Summary and Price Action Rundown
Global risk assets are mostly higher this morning as monetary easing in China overnight set a positive tone to start the week, while investors continue to ponder the prospects for the US pandemic relief package amid deepening rancor in Washington. S&P 500 futures indicate a 0.3% higher open after the index closed flat on Friday, holding its year-to-date gain at 4.4% and hovering just short of February’s all-time high. Equities in the EU are little changed, while Asian stocks were mixed overnight amid outperformance by mainland Chinese markets. The dollar remains subdued near two-year lows while longer-dated Treasury yields are retracing a portion of their recent upside, with the 10-year yield at 0.69%. Brent crude is edging below $45.
US Postal Service Controversy Clouds Pandemic Relief Outlook
Speaker Pelosi called the House back to Washington over the weekend, cutting short summer recess in an effort to address concerns surrounding the Trump administration’s actions impacting the US Postal Service. With President Trump continuing to denigrate mail-in ballots and his administration pursuing changes at the Postal Service that could impede voting by mail, House Democrats are reconvening to push forward efforts to support the USPS and are calling Postmaster General DeJoy to testify on August 24th. White House Chief of Staff Meadows indicated that President Trump would support and sign a bill offering additional $10 billion in funding for the USPS, and though Speaker Pelosi has previously rejected any piecemeal approach to passing elements of the broader pandemic relief bill, analysts note that this could be treated as a standalone given its highly-charged political nature. Analysts broadly note that the controversy over the USPS may remain compartmentalized from the broader negotiations of the pandemic relief package, as the gaps between the two sides persist over state aid and augmented jobless benefits. Meanwhile, financial markets continue to display scant reaction to the DC dramatics, with equity indexes poised to register new record highs this week.
Global Economic Data Remains Mixed with August PMIs in Focus
July’s reading of US retail sales reflected continued but moderating improvement, as investors shift their focus to income August data to gauge the health of the recovery. US retail sales rose 1.2% from a month earlier in July, missing market expectations of 2.1% advance and slowing from an 8.4% month-on-month (m/m) surge in June. In all, it still marked the third straight monthly gain for retail, which plunged 14.7% m/m in April then rebounded to 18.3% m/m in May as the strict lockdowns were eased. July purchases lifted retail sales 2.7% higher than the same month in the previous year, their highest level since the government started tracking the series in 1992. Excluding automobiles, gasoline, building materials and food services, retail sales increased 1.4% m/m in July, topping estimates of a 0.8% gain, after soaring 6.0% in June. Overnight, Japanese GDP data provided another reminder of the pain of the second quarter, with GDP contracting at a 27.8% annualized rate, the steepest drop on record and worse than the 26.9% forecast. The Nikkei underperformed overnight but the yen was stable within its recent trading range versus the dollar. Later this week, analysts will be focused on the first glimpses of global economic activity in August, with preliminary readings of purchasing managers indexes (PMIs) for the US, EU, UK, and Japan, which are expected to show an incrementally accelerating rate of expansion despite the stubborn persistence of the virus.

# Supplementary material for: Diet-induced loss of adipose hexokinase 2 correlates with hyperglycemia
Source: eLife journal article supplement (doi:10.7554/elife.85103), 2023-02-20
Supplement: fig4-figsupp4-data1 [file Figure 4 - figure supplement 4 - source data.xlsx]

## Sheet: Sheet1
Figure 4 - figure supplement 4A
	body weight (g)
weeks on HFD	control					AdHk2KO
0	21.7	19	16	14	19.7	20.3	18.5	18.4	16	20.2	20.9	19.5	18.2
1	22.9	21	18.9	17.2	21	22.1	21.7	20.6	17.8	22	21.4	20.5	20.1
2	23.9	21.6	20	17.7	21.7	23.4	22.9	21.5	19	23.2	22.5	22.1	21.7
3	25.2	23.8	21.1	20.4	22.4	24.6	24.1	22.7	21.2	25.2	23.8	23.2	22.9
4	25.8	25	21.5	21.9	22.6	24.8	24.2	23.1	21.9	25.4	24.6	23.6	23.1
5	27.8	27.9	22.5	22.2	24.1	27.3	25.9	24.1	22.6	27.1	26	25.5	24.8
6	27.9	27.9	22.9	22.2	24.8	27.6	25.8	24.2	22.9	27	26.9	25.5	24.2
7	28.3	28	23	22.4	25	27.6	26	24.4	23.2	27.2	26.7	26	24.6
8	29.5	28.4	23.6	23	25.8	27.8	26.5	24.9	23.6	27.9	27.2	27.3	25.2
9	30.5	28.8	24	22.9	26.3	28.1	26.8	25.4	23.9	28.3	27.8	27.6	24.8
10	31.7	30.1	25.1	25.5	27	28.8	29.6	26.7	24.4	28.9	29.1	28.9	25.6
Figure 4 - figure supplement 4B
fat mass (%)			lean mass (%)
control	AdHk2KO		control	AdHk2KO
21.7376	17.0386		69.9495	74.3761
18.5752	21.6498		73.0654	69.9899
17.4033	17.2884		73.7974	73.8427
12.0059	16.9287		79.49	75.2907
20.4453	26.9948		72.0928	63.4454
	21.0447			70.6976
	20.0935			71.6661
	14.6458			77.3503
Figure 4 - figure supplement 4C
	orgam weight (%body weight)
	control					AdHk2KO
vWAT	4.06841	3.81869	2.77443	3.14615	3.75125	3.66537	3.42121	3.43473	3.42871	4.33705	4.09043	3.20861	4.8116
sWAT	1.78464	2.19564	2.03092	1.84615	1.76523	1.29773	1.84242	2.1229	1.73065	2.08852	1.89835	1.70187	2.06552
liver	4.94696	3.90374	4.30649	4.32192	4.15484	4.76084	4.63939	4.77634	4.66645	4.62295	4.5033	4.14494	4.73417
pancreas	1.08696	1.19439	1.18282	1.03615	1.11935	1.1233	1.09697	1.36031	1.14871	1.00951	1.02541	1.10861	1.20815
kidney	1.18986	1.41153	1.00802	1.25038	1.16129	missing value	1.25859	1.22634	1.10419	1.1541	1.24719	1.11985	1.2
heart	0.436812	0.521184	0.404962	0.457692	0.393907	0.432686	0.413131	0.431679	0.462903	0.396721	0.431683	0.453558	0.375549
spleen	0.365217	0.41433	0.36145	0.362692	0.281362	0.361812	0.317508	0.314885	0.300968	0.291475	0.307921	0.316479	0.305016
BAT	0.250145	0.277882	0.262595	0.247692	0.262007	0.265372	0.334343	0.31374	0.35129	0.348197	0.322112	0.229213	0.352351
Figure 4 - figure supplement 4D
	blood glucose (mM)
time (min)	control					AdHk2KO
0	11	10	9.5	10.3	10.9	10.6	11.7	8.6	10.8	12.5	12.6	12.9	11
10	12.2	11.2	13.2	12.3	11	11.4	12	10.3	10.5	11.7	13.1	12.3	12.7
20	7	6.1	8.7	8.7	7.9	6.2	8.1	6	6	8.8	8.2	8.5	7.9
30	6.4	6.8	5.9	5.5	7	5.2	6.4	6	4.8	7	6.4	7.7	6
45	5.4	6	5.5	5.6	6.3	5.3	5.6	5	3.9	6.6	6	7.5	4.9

People’s Bank of China (PBoC) Injects Liquidity – The Shanghai Composite bounced 2.3% overnight, re-approaching its multi-year high from early July, while the renminbi posted modest gains and local bonds rallied after the PBoC supplied the market with an unexpectedly generous 700 billion renminbi through its medium-term lending facility. This comes after last week’s net injection of funds through open market operations. The PBoC has been notably less aggressive with accommodation than other major global central banks during the ongoing pandemic and key Chinese economic data for July showed a slackening in the pace of recovery, particularly among consumers.
US-China Tensions Continue to Percolate – Reports this morning indicate that the Commerce Department is poised to tighten restrictions on controversial Chinese tech giant Huawei’s access to US technology. This comes after Friday’s news that the planned US-China Phase One trade deal review has been postponed indefinitely, with scheduling problems being cited for the delay. Vice Premier Liu had been set to engage in a video conference with US Trade Representative Lighthizer and Treasury Secretary Mnuchin. President Trump and National Economic Council Director Kudlow both spoke favorably of the Phase One deal last week despite Chinese agricultural goods and energy purchases meaningfully lagging their targets.